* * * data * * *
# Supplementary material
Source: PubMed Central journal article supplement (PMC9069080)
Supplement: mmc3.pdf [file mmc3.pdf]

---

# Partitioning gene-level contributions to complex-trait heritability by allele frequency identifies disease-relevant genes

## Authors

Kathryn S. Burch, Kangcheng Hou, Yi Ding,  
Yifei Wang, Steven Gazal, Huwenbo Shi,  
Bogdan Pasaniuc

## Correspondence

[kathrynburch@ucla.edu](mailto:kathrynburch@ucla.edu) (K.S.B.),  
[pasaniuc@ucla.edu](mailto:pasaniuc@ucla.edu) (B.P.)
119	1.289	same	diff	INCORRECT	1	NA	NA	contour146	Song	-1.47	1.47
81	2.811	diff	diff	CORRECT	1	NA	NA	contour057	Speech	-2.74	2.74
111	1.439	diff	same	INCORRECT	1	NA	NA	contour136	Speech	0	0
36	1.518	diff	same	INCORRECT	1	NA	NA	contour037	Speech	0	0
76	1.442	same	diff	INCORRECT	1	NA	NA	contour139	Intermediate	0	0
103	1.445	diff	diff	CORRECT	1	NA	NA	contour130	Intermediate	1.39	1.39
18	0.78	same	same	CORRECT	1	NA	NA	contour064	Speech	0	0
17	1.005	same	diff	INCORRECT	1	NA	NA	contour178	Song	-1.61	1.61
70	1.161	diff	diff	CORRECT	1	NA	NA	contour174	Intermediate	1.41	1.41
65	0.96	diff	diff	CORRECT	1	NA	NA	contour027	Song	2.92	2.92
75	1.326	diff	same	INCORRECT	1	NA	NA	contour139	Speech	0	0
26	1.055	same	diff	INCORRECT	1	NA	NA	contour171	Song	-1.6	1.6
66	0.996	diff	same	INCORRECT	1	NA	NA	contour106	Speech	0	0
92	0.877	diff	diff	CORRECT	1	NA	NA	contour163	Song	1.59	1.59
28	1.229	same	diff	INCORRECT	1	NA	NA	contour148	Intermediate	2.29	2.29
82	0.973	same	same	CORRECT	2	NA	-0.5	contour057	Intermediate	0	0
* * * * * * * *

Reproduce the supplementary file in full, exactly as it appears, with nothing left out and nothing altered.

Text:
# Supplementary material
Source: PubMed Central journal article supplement (PMC9069080)
Supplement: mmc3.pdf [file mmc3.pdf]

---

# Partitioning gene-level contributions to complex-trait heritability by allele frequency identifies disease-relevant genes

## Authors

Kathryn S. Burch, Kangcheng Hou, Yi Ding,  
Yifei Wang, Steven Gazal, Huwenbo Shi,  
Bogdan Pasaniuc

## Correspondence

[kathrynburch@ucla.edu](mailto:kathrynburch@ucla.edu) (K.S.B.),  
[pasaniuc@ucla.edu](mailto:pasaniuc@ucla.edu) (B.P.)
119	1.289	same	diff	INCORRECT	1	NA	NA	contour146	Song	-1.47	1.47
81	2.811	diff	diff	CORRECT	1	NA	NA	contour057	Speech	-2.74	2.74
111	1.439	diff	same	INCORRECT	1	NA	NA	contour136	Speech	0	0
36	1.518	diff	same	INCORRECT	1	NA	NA	contour037	Speech	0	0
76	1.442	same	diff	INCORRECT	1	NA	NA	contour139	Intermediate	0	0
103	1.445	diff	diff	CORRECT	1	NA	NA	contour130	Intermediate	1.39	1.39
18	0.78	same	same	CORRECT	1	NA	NA	contour064	Speech	0	0
17	1.005	same	diff	INCORRECT	1	NA	NA	contour178	Song	-1.61	1.61
70	1.161	diff	diff	CORRECT	1	NA	NA	contour174	Intermediate	1.41	1.41
65	0.96	diff	diff	CORRECT	1	NA	NA	contour027	Song	2.92	2.92
75	1.326	diff	same	INCORRECT	1	NA	NA	contour139	Speech	0	0
26	1.055	same	diff	INCORRECT	1	NA	NA	contour171	Song	-1.6	1.6
66	0.996	diff	same	INCORRECT	1	NA	NA	contour106	Speech	0	0
92	0.877	diff	diff	CORRECT	1	NA	NA	contour163	Song	1.59	1.59
28	1.229	same	diff	INCORRECT	1	NA	NA	contour148	Intermediate	2.29	2.29
82	0.973	same	same	CORRECT	2	NA	-0.5	contour057	Intermediate	0	0